The answer, apparently, is yes.
“The most important aspect of this follow-up into adulthood is to demonstrate that an intervention occurring in adolescence can predict outcomes in adulthood,” said the study results, which is a scientific way to say that the benefits of per cap grow with time.
The kids who did the best, who were most positively affected in the long-term by the change in their family income, were the youngest. The longer they were exposed to the new, per-cap norm, the less likely they would slip back into substance abuse and all the adult problems that grow from childhood misbehavior.
Per cap, however, like every good story, is not a tale filled only with sweetness and light.
There is a downside, and it manifested itself brazenly for years before the tribe could develop a good response.
That shortcoming, of course, is obvious: you can’t make people do good things with their money. And for 18-year-old tribal members, getting the money that’s been saved and invested for them, often since birth, was an invitation into enticing irresponsibility.
“We have 13 years of 18-year-olds getting money and wasting it, and there’s been a lot of bad stories about young people not knowing what to do with their money,” said Keith Sneed. He is the one who, in the end, engineered a way to at least try to keep the newly enriched from moronic financial choices.
Sneed, like Freeman Owle, was a teacher in the Cherokee School System for years before per cap. And like Owle, he saw the lot of the tribe change dramatically in its wake. But, he thought, it could be so much better. Sure, kids now know that they have opportunities, he said, but if they only opportunity they see is a Porsche they really can’t afford, how is that better?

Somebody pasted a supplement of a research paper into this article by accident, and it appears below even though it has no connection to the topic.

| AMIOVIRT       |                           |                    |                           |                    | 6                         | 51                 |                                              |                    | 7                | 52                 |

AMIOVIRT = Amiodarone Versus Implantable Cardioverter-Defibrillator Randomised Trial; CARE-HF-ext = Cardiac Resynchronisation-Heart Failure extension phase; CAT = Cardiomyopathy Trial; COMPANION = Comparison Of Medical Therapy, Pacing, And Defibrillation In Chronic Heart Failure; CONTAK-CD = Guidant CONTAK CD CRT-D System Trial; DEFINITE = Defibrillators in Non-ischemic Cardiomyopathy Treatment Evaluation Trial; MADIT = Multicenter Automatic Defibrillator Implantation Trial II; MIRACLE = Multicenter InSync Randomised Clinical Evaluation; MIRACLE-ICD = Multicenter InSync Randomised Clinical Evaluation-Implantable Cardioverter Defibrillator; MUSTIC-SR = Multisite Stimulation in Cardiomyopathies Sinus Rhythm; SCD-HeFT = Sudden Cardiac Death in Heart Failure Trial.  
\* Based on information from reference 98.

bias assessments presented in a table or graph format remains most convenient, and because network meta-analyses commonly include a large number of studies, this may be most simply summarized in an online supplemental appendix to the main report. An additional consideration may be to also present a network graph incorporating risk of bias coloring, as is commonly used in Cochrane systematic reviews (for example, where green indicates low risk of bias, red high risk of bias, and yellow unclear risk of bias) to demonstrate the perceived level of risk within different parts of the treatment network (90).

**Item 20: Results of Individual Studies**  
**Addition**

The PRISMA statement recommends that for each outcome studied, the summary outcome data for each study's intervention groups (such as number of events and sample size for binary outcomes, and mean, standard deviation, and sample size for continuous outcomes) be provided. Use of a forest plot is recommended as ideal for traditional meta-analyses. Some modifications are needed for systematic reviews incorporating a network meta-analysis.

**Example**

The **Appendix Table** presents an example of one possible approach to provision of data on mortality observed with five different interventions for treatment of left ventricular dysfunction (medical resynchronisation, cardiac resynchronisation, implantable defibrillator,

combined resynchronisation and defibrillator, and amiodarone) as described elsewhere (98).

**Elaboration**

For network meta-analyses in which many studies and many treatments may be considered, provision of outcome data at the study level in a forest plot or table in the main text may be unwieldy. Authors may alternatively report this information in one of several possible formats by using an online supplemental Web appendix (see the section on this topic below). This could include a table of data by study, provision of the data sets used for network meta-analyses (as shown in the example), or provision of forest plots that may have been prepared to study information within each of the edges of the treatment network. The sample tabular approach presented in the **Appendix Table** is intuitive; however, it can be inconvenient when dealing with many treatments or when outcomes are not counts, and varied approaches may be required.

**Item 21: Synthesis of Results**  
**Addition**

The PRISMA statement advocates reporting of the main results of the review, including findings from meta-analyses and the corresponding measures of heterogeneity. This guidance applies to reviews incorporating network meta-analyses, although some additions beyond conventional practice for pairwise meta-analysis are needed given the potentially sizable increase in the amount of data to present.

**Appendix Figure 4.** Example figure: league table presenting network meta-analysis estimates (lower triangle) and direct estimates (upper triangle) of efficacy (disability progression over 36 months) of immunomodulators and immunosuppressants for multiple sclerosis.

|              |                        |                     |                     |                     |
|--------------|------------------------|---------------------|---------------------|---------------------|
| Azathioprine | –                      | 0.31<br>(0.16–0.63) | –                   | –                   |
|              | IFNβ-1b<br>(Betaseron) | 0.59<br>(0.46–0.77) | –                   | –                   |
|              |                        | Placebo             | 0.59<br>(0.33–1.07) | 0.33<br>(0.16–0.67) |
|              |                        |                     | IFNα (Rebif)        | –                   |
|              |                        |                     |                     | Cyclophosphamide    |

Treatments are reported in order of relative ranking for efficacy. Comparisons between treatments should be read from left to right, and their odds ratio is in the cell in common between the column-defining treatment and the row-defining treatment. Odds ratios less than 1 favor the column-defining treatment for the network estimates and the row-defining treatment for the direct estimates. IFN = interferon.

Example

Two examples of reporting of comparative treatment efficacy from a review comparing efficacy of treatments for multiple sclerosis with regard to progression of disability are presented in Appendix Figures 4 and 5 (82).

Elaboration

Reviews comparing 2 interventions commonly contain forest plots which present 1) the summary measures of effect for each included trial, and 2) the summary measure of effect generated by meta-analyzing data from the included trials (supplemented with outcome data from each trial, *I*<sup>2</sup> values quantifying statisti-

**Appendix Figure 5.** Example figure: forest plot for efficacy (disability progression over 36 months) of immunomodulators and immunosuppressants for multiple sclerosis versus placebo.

So he created a course called Manage Your Money that’s now a requirement — along with a high school diploma or GED — for anyone wanting to collect their cash at 18.
A better life
In a broader sense, said Principal Chief Michell Hicks, what per cap and its companion, the tribal operations cut, have done is increase the standard of living for the Cherokee people. They have better schools and health care and recreation because of tribal operations, and they have nicer homes and stronger businesses and more solid financial footing because of the extra six grand in their pockets.
“I think, you know, any time you can change the living standard, it changes to some degree their mental capacity and it gives them more confidence to do better,” said Hicks.
After 16 years, the tribe has gone a long way towards improving the basics of life, and now, said Hicks, they’re moving on to the next stage of growth with their wealth. The tribe can preserve its culture in language schools and museums and foundations because it can afford to. More Cherokee people can open new and nicer businesses in town because, thanks to per cap and tribal lending funds like the Sequoyah Fund, they can afford to.
And that’s where Hicks sees the tribe going in the future. Of late, there has been much talk of moving some of the eggs away from the Harrah’s basket. Casino revenues were down 8 percent this year and tribal population grew by 2 percent, so the amountof money in everyone’s pocket is shrinking.
But what about using the spoils of Harrah’s to decrease dependence on it, asks Hicks.
“I think that the next success is to really expand the economic base for Cherokee,” said Hicks, to get away from what have been called rubber tomahawk shops and get into the higher-end shops and restaurants. And to use per cap and tribal funds to do it.
Inez Sampson has been around since far before the payments started coming in. She, like many, believe that it helps.
“You can’t really buy a house or anything,” said Sampson, “but it helps. It helps you be able to do the things that you’d really want to do.”
And to realize that they’re there to be done.